Evan Britton is 37. He doesn’t care about the teenage stars of YouTube and Vine any more than I do. But he cares about their followings – “It’s my job to serve our audience.” – and that they’re catnip for brands: “The reason we do well with advertisers is that we have a very niche appeal.”

Today's fame: Whether you're the number 1 Aquarius named Brandon
Today’s fame: Whether you’re the number 1 Aquarius named Brandon

Before he focused on ‘celebrity’ birthdays, he attempted to make a success of a wide range of special interest sites:

One was about railroads, one was about the Moon. Our company name was ResourceWebs. I wanted to build sites that were resources for people. I realized we weren’t growing and needed to pick one site and make it my baby.

It’s a strategy that seems to be working. Britton has a team of 12 based in Santa Monica. He’s now recruiting again.

Earlier this year, he took his people to Digitour, the live event that brings fans together with their favorite Viners and YouTubers. The aim was to help them understand the intensity of the fame that surrounds these young men and women who are still rarely household names:

I wanted to show them the excitement and that this fame is not only very resilient, but very deep too.

Spending so much time thinking about this new breed of celebrity has given Britton an interesting perspective on their appeal:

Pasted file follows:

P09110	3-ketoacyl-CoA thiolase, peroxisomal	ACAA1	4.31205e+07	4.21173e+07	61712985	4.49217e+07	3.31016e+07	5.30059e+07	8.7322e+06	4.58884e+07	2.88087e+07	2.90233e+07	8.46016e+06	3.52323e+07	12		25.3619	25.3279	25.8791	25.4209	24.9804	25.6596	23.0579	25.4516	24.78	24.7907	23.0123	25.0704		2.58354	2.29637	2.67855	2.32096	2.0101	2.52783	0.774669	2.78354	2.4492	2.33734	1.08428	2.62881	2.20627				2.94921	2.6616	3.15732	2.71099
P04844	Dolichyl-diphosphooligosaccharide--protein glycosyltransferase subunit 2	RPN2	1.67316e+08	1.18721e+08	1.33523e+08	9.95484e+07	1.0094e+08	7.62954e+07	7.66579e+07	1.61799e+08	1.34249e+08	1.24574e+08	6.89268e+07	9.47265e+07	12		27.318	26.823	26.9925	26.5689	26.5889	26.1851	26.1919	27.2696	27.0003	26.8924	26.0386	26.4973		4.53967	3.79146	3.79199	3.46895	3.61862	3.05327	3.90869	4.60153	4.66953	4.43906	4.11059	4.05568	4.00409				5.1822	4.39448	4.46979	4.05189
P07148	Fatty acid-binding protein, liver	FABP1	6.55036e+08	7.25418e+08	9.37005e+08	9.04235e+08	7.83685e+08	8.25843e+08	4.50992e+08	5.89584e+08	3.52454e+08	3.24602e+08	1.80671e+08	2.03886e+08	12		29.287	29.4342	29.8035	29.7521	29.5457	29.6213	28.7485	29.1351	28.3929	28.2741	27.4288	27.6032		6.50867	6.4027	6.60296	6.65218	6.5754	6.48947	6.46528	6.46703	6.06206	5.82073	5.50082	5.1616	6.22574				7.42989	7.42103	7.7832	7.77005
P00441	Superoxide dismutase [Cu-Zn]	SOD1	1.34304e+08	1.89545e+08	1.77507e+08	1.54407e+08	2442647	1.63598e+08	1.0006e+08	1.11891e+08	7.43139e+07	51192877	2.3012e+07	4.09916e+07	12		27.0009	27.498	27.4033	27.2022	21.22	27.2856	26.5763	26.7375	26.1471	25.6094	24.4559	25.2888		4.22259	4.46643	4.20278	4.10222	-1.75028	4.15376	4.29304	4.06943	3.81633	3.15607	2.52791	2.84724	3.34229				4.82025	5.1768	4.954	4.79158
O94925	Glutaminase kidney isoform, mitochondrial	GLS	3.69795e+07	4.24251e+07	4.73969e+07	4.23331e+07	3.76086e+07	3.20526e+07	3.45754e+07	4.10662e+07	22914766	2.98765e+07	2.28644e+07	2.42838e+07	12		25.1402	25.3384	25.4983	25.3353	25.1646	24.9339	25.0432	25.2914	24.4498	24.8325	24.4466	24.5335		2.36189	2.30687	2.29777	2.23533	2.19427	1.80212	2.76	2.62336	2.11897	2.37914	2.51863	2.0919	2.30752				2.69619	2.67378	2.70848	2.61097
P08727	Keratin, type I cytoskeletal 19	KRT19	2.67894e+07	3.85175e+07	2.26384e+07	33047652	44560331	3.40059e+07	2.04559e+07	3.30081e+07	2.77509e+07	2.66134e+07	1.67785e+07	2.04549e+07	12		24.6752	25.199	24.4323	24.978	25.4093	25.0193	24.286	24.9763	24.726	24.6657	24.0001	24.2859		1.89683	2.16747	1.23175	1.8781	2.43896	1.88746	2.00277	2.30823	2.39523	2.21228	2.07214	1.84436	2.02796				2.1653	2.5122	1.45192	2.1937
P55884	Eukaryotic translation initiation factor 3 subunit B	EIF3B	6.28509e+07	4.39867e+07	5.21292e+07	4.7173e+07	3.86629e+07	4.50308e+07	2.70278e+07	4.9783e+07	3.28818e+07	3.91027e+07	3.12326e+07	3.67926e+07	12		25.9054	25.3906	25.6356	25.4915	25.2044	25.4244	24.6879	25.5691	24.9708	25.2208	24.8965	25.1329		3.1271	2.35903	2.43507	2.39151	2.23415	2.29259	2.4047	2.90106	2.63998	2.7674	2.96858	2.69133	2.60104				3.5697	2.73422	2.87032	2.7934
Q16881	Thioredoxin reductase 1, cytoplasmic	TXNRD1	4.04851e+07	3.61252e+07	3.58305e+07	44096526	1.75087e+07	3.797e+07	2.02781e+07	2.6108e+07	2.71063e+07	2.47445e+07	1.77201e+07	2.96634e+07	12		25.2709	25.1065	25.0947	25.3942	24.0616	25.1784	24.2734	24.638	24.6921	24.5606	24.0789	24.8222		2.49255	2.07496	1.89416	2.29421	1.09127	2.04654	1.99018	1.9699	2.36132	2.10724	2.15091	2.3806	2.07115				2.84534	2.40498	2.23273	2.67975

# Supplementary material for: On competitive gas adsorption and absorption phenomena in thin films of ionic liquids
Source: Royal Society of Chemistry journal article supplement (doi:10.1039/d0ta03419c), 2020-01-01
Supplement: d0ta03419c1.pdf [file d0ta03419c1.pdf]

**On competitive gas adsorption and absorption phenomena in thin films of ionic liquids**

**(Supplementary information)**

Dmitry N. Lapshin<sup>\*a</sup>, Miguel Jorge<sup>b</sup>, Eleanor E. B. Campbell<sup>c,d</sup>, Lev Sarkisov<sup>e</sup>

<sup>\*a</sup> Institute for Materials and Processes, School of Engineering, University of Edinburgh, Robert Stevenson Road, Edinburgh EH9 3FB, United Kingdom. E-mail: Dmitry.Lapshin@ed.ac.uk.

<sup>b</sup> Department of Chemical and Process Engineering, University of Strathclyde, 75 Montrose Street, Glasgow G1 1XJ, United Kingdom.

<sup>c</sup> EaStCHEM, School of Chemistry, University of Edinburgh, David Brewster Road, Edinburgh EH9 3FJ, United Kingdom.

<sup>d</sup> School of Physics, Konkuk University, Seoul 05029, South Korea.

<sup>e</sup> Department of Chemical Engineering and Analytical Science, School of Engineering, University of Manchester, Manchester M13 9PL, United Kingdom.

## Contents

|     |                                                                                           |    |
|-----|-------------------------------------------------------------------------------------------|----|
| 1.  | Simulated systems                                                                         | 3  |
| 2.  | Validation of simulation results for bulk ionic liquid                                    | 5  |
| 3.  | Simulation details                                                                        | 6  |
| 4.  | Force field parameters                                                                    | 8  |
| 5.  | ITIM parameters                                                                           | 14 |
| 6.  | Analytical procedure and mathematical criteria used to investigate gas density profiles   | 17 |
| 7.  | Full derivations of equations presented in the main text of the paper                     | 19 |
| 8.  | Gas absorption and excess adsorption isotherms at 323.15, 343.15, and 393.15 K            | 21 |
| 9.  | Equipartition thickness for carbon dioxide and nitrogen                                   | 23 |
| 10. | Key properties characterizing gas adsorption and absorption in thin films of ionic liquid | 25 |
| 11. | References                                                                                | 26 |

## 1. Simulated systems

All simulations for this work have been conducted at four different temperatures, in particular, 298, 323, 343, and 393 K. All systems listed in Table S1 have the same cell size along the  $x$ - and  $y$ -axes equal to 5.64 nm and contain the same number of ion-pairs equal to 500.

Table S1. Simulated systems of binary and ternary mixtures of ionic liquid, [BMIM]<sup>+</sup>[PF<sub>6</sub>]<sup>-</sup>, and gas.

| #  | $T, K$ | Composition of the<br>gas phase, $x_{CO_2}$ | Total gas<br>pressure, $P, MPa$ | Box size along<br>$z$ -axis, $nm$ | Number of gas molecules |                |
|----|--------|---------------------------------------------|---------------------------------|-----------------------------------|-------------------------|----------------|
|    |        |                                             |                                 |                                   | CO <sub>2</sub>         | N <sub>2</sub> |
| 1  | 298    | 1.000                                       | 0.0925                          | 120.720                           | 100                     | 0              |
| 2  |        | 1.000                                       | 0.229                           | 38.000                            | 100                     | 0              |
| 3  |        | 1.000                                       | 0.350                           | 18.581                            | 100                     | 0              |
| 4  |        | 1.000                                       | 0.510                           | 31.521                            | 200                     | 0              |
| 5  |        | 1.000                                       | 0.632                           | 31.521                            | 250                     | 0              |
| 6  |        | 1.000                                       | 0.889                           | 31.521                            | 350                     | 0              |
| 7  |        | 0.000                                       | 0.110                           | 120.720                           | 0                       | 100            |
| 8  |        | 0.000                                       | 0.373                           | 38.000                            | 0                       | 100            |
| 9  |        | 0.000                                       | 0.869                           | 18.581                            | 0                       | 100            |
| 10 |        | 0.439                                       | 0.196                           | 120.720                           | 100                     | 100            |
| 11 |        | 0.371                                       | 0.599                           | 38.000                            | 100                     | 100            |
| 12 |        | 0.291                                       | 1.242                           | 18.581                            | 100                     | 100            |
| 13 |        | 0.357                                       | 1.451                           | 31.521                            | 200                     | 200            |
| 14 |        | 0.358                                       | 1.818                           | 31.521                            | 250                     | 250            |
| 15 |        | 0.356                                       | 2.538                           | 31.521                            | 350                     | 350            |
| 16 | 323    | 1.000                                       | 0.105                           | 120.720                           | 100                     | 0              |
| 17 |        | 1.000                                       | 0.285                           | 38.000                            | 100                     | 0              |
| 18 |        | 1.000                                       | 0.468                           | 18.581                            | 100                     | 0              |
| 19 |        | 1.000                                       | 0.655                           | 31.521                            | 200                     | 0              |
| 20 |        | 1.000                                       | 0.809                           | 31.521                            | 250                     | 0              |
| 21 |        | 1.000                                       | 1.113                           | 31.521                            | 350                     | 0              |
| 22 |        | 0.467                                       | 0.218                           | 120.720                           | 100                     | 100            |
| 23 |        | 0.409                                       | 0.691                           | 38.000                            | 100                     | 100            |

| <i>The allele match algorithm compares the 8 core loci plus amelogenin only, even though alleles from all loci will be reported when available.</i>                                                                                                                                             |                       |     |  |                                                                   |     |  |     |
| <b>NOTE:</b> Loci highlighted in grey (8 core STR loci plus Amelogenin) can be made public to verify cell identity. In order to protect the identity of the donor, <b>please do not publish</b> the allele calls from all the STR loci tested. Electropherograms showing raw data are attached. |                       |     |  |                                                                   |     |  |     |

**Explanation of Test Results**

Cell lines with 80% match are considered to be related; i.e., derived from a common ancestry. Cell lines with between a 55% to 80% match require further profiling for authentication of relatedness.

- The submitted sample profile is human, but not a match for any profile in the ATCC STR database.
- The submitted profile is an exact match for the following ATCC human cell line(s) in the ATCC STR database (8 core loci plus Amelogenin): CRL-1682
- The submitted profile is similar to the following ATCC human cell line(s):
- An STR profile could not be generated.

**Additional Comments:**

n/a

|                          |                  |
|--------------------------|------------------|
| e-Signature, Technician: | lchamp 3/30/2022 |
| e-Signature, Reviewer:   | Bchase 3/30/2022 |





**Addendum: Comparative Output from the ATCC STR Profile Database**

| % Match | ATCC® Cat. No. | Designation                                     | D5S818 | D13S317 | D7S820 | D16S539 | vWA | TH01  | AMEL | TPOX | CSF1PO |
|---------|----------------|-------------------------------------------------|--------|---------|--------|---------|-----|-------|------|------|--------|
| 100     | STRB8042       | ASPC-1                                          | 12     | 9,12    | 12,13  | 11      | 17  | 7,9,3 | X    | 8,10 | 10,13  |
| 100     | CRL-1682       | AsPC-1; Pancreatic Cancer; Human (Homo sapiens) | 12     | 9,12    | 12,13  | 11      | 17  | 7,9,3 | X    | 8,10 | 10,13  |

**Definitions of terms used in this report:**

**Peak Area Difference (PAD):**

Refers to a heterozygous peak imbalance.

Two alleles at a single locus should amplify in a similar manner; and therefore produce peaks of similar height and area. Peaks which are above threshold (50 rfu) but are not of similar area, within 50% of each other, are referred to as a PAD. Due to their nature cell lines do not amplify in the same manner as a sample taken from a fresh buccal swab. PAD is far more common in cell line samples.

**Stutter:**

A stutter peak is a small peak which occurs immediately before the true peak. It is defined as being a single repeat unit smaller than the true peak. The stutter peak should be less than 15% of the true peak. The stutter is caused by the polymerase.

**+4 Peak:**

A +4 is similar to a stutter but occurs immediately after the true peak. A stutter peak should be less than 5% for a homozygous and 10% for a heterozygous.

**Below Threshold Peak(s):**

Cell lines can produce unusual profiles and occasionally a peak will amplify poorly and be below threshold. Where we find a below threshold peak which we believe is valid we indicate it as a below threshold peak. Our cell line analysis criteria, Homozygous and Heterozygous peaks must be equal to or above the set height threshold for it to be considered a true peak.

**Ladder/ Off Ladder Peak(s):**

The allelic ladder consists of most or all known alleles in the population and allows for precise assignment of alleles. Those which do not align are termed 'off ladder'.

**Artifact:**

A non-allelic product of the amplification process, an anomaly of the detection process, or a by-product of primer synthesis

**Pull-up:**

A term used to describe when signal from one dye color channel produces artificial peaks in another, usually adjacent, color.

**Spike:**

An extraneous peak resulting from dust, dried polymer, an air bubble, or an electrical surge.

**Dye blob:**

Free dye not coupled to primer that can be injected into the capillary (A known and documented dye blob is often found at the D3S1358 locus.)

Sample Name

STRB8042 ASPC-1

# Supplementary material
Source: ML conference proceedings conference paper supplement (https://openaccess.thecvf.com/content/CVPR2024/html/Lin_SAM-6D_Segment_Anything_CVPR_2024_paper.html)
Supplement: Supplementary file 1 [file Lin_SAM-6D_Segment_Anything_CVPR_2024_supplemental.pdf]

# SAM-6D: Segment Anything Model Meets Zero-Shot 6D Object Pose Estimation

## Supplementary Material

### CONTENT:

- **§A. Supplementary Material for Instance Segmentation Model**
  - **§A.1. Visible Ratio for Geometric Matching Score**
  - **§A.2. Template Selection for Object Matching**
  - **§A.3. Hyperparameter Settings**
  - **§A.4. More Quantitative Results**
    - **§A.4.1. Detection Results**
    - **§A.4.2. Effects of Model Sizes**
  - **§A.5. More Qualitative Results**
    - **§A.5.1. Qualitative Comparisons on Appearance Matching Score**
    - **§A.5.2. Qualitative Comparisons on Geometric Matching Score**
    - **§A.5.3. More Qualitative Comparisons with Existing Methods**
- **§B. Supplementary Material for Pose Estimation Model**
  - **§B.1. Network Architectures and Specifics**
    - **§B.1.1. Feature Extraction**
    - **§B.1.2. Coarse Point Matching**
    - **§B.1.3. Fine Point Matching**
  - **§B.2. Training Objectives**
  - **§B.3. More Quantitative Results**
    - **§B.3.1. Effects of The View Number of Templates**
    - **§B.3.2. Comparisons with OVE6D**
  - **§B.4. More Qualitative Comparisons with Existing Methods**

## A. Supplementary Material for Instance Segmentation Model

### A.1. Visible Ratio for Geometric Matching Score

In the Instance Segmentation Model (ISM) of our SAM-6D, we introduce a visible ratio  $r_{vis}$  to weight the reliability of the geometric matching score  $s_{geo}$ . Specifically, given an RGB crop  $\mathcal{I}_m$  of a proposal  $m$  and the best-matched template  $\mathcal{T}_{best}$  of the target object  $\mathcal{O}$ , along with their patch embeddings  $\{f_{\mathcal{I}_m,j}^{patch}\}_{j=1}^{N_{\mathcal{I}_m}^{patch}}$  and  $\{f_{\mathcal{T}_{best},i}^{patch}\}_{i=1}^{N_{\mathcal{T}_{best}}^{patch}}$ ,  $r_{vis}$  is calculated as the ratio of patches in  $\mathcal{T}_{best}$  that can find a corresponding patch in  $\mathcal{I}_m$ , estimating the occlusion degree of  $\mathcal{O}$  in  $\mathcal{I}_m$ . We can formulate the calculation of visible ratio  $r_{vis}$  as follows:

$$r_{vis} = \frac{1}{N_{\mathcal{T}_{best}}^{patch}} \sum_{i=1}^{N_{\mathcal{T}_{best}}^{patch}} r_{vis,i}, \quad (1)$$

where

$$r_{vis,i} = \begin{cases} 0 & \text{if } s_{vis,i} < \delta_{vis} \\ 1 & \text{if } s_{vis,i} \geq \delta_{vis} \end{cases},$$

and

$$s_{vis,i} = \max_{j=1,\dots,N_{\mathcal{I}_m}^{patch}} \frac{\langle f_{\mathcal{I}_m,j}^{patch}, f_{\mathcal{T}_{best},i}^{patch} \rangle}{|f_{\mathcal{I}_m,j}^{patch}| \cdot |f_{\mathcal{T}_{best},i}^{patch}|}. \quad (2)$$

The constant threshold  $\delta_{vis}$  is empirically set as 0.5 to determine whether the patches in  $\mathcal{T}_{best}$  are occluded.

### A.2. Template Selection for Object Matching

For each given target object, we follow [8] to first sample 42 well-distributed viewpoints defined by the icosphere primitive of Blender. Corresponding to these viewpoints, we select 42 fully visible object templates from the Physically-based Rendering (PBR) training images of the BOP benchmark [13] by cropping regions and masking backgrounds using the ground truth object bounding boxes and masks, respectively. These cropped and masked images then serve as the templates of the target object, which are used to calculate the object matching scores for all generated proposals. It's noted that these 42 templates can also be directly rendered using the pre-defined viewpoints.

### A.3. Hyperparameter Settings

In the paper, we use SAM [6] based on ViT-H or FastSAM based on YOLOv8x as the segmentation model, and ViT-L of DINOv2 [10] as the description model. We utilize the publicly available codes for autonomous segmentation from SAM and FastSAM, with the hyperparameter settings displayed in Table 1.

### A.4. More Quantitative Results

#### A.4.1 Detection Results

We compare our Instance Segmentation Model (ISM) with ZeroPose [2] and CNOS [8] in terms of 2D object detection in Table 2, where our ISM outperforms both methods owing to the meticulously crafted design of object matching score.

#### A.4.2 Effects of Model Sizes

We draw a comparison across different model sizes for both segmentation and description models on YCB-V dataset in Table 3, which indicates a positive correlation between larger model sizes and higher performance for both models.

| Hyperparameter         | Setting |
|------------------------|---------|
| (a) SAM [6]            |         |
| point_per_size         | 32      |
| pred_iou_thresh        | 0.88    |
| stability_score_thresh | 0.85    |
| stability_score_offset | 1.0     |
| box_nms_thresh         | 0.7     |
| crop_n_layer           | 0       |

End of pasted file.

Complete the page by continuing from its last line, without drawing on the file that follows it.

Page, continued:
It’s about the connection they have with their fans. The ones that excel are first-movers. Some have a specific niche, others just have a personality that appeals to people. Their fans think of them as friends.

We’ve had a few of them in our office, either doing Periscope interviews or just coming in for their birthdays. What’s impressed me about them is that they’re smart and they’re humble.

A lot of people have tried to do what they have and failed; they’re savvy. They have good marketing minds and understand their viewers.

Of course, that’s what the founder of Famous Birthdays would say. It’s in his interest to talk up the young stars whose fame is the engine of his site’s success. But when I put that to him, he sticks to his guns. He swears he’s genuinely impressed by them.

The social secrets of fame

For anyone trying to understand what works and what doesn’t when it comes to social media, Famous Birthdays is an interesting case study. Displays on the wall in its office monitor its social traffic sources and Britton says that can be very revealing:

Reddit often blows up our traffic, particularly when a YouTuber does an AMA. Facebook is more consistent. Sometimes Twitter interest rockets. That’s usually when we get a shoutout from a YouTuber or Viner with a million followers of more. Then we’ll see a huge spike.

Famous Birthdays shows what celebrity means today and where its headed. Britton puts it concisely: “The cord-cutters don’t care about Hollywood icons.”

Andy Warhol promised we’d all be famous for fifteen minutes. Now, you’re lucky if you’re famous for 15,000 page views. Online fame is a numbers game and traditional stars are losing.